Nigeria bikers' vegetable helmets
Motorcyclists in Nigeria have been wearing dried pumpkin shells on their heads to dodge a new law forcing them to wear helmets, authorities say.
Road safety officials said calabash-wearers would be prosecuted.
Thousands of motorbikes have been impounded around the country and taxi motorbike drivers have staged protests.
Calabashes are dried pumpkin shells more commonly used to carry liquid.
According to the new law, all motorbike drivers and motorbike passengers must wear helmets.
Kano Federal Road Safety Commission commander Yusuf Garba told the BBC they were taking a hard line with people found using the improvised helmets.
"We are impounding their bikes and want to take them to court so they can explain why they think wearing a calabash is good enough for their safety," he said.
Fifty motorbikes had been seized so far in Kano city alone, he added.
Motorcycle taxis, called "achaba" in the north of the country and "okada" in the south, are a cheap way for Nigerians to get around congested and chaotic city streets.
- Achaba comes from a Hausa phrase meaning "double enjoyment", referring to taxi drivers being paid for being close to women passengers
- Okada is from name of ex-state governor's now defunct airline
- Okada bike taxis were banned from the capital Abuja in 2006
- The motorbikes cost around $290 (£200)Passengers pay about 70 naira ($0.50; £0.35) for a short trip
Many drivers of the motorcycle taxis are furious over the new law, which came into force on New Year's Day.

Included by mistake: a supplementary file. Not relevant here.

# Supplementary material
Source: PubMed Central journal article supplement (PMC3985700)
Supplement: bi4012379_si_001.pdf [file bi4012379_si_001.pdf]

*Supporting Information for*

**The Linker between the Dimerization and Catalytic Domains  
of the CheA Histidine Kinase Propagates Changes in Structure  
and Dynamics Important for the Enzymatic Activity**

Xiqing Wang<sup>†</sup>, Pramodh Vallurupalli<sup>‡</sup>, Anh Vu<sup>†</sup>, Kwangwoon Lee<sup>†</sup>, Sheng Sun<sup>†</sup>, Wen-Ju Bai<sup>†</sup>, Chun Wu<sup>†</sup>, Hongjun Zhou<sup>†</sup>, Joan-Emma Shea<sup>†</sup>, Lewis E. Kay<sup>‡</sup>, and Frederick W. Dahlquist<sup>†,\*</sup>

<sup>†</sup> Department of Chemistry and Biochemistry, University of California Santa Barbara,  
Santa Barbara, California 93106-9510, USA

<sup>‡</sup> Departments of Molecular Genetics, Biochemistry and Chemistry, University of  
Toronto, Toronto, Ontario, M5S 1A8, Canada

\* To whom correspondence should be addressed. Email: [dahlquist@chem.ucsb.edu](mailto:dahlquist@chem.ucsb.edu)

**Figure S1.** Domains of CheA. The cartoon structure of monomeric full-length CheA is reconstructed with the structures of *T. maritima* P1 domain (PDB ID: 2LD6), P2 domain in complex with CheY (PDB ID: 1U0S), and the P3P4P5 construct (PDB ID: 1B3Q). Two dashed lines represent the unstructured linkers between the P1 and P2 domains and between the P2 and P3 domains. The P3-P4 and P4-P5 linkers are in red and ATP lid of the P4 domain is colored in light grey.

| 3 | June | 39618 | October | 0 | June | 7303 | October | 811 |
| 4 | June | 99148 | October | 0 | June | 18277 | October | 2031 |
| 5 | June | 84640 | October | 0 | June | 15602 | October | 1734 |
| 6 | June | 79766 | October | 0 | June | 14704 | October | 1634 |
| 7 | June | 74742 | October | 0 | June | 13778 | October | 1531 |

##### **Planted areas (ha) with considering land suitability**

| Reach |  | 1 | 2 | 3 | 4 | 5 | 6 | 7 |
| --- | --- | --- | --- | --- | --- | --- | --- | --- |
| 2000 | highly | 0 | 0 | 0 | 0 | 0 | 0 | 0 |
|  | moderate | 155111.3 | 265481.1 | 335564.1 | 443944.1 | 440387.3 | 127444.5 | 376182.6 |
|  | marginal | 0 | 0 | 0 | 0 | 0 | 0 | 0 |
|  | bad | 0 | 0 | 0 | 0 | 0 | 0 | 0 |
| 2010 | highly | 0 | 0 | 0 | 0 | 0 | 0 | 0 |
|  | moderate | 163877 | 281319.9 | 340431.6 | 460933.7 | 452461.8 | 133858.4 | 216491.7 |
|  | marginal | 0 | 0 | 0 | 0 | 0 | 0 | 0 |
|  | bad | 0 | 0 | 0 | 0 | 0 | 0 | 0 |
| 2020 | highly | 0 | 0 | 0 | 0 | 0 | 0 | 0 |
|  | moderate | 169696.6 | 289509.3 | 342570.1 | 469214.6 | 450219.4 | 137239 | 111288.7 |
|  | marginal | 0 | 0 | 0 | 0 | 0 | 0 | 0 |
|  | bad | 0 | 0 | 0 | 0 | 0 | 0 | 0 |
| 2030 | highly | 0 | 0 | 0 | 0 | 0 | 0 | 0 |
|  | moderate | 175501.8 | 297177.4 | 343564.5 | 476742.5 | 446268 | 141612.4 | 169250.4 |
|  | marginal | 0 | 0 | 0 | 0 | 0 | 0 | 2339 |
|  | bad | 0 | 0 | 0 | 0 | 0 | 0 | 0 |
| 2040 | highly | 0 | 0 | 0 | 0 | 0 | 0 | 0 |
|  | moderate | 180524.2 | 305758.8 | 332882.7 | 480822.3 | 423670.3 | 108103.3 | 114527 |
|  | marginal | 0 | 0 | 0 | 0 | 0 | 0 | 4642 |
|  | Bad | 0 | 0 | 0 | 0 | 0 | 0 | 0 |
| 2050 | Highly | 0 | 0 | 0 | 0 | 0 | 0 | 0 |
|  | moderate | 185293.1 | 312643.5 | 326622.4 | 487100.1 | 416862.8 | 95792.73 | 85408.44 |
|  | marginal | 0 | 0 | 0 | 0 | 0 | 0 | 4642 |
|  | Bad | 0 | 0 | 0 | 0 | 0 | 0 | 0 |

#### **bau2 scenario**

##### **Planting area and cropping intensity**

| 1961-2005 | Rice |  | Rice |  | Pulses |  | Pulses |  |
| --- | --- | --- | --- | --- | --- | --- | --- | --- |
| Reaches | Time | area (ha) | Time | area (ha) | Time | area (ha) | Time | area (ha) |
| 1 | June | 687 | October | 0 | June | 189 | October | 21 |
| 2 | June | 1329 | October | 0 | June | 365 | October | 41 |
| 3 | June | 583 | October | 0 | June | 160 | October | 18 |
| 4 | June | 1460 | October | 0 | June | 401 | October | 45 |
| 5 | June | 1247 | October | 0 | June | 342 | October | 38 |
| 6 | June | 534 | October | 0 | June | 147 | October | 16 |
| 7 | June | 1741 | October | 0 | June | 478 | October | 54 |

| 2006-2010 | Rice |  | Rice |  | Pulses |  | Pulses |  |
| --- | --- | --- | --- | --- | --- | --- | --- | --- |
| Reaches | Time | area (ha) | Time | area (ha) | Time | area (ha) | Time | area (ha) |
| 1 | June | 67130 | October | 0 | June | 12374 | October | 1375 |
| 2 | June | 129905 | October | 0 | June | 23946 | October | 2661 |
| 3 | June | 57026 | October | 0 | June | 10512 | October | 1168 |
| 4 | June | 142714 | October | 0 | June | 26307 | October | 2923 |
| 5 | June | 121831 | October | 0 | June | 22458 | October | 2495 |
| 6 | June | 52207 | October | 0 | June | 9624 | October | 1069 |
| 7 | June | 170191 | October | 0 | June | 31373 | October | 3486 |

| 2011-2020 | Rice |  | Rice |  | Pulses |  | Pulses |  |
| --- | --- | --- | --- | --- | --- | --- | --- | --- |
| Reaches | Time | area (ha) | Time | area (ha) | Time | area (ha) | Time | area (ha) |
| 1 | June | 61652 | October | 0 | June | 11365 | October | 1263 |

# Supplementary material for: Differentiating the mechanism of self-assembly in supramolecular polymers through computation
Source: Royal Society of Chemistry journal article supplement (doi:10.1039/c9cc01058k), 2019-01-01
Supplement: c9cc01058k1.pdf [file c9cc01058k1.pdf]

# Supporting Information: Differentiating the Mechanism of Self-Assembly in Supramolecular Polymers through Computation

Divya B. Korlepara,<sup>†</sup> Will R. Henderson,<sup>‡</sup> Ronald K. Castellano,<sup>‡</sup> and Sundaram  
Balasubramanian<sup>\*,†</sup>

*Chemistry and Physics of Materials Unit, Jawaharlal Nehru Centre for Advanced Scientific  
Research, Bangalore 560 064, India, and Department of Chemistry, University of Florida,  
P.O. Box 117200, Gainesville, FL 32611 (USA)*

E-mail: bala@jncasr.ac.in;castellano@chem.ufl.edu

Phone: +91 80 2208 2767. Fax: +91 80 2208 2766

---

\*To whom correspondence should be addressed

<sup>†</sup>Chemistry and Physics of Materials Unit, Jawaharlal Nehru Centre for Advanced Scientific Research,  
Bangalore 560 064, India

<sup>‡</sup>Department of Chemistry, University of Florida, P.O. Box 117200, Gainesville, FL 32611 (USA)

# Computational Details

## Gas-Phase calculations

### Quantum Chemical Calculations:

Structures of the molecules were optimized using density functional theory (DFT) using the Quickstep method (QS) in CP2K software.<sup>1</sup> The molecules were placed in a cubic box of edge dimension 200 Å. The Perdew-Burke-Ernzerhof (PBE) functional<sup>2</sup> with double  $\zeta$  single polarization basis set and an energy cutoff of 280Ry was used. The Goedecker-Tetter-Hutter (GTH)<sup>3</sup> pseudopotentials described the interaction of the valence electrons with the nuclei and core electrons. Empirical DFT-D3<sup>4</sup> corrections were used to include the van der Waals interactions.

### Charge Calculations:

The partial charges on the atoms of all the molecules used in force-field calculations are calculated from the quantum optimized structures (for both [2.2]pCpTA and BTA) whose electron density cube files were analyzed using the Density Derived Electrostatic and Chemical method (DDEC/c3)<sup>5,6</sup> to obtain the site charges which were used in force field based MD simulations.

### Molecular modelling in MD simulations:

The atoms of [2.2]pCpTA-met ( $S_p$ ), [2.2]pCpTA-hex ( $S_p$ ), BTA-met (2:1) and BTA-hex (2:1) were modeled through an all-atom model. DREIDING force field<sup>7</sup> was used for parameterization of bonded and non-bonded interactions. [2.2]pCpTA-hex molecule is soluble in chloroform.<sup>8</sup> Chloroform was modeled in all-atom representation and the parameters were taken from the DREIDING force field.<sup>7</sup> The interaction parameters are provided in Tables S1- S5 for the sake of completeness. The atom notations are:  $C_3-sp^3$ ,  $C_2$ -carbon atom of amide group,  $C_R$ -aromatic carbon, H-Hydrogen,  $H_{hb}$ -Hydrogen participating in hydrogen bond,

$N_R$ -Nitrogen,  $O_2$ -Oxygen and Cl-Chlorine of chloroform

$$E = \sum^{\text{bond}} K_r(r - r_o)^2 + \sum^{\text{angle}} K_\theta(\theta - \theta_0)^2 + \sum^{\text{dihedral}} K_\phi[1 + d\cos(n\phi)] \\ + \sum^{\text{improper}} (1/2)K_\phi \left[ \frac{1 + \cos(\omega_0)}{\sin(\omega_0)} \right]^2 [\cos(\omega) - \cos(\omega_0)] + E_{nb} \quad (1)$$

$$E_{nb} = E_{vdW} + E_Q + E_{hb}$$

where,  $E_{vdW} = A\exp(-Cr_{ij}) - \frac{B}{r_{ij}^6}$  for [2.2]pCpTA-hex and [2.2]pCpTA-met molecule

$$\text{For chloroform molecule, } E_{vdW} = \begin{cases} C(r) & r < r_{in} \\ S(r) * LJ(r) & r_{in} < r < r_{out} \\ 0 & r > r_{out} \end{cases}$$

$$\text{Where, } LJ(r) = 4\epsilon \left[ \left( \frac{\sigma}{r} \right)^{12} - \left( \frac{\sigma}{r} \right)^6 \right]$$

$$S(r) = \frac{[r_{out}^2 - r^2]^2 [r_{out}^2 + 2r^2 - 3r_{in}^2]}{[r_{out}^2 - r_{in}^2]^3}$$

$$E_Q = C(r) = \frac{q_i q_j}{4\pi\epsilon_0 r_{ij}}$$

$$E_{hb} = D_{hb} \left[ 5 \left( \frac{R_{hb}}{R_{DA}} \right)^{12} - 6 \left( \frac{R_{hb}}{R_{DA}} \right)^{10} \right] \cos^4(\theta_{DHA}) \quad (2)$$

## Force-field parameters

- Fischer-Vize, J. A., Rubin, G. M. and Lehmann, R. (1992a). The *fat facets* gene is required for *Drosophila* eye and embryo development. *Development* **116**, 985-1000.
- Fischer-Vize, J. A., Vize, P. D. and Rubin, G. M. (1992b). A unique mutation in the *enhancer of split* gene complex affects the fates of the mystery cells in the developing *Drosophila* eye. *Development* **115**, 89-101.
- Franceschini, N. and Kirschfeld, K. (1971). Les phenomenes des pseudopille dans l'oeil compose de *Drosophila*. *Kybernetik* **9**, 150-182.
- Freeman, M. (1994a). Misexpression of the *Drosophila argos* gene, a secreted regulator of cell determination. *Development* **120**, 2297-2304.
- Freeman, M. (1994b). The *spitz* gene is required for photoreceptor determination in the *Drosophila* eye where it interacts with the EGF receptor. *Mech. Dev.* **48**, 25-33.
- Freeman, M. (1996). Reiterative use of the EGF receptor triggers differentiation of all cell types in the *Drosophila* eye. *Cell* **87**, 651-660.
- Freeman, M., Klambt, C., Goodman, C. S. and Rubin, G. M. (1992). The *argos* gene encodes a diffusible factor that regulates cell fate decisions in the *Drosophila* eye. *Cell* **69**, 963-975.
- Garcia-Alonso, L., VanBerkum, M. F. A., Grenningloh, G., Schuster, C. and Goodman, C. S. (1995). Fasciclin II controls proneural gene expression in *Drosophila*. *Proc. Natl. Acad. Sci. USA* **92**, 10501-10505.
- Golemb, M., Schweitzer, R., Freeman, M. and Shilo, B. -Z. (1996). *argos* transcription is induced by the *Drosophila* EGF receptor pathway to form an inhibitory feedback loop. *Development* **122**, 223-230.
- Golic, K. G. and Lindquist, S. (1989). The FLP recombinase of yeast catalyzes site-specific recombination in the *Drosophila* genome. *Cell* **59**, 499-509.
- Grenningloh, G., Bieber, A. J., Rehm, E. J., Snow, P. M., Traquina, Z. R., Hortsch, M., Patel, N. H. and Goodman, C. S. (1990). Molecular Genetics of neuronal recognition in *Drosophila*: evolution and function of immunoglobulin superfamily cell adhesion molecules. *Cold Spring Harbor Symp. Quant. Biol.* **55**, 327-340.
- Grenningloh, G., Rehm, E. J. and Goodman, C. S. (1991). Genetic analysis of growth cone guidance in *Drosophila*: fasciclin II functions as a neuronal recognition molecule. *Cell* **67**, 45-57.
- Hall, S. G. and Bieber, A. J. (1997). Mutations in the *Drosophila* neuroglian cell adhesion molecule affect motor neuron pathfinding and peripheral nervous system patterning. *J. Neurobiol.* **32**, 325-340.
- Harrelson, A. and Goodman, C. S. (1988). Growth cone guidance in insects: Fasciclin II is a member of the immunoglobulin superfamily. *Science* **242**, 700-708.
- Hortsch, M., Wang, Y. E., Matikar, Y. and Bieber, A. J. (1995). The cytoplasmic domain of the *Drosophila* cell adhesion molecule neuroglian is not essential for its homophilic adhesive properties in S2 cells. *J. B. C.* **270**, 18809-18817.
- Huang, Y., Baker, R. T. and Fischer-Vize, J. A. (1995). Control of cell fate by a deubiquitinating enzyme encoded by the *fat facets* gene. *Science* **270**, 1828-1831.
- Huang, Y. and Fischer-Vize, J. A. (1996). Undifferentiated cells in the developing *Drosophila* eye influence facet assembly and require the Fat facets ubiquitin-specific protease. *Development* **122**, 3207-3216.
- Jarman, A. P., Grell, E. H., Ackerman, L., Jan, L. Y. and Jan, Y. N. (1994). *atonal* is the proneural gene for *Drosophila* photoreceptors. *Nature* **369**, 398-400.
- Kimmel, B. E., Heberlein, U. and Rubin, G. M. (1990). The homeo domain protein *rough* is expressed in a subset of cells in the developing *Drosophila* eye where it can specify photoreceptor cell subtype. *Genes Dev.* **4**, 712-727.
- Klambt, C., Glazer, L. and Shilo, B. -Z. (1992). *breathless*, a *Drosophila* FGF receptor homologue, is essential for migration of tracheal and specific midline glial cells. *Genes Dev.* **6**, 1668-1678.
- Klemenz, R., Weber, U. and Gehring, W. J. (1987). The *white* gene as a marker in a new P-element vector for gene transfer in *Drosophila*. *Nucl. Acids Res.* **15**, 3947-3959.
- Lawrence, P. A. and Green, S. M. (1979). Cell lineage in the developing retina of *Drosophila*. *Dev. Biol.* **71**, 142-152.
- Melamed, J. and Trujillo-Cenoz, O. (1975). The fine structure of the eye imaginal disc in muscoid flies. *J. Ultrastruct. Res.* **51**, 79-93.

In the city of Kaduna, drivers waved palm fronds and rode in convoy to protest at the price of helmets, which can cost up to $29 (£20).
They say passengers often steal the helmets once they reach their destination.
Stories have also appeared in the local papers highlighting passengers' fears that the helmets could be used by motorcyclists to cast spells on their clients, making it easy for them to be robbed.
"Some people can put juju inside the helmets and when they are worn the victim can either lose consciousness or be struck dumb," passenger Kolawole Aremu told the Daily Trust newspaper.
Local government authorities often give motorbikes to jobless young men, saying it gives them a way to make a living.
But the BBC's Andrew Walker in the capital, Abuja, says handing out the vehicles does not address the underlying cause of Nigeria's economic problems.
It is often an attempt to buy support for elections, our correspondent says.
The number of motorcycle taxis in big cities has exploded in recent years, causing concern about road safety.
Often untrained and illiterate, the drivers are considered a menace by many motorists.
Fatal accidents are common. Road safety authorities say almost every collision in Nigeria's cities involves an okada.
More than 4,000 people die on Nigeria's roads every year and 20,000 are injured, according to the Federal Road Safety Commission.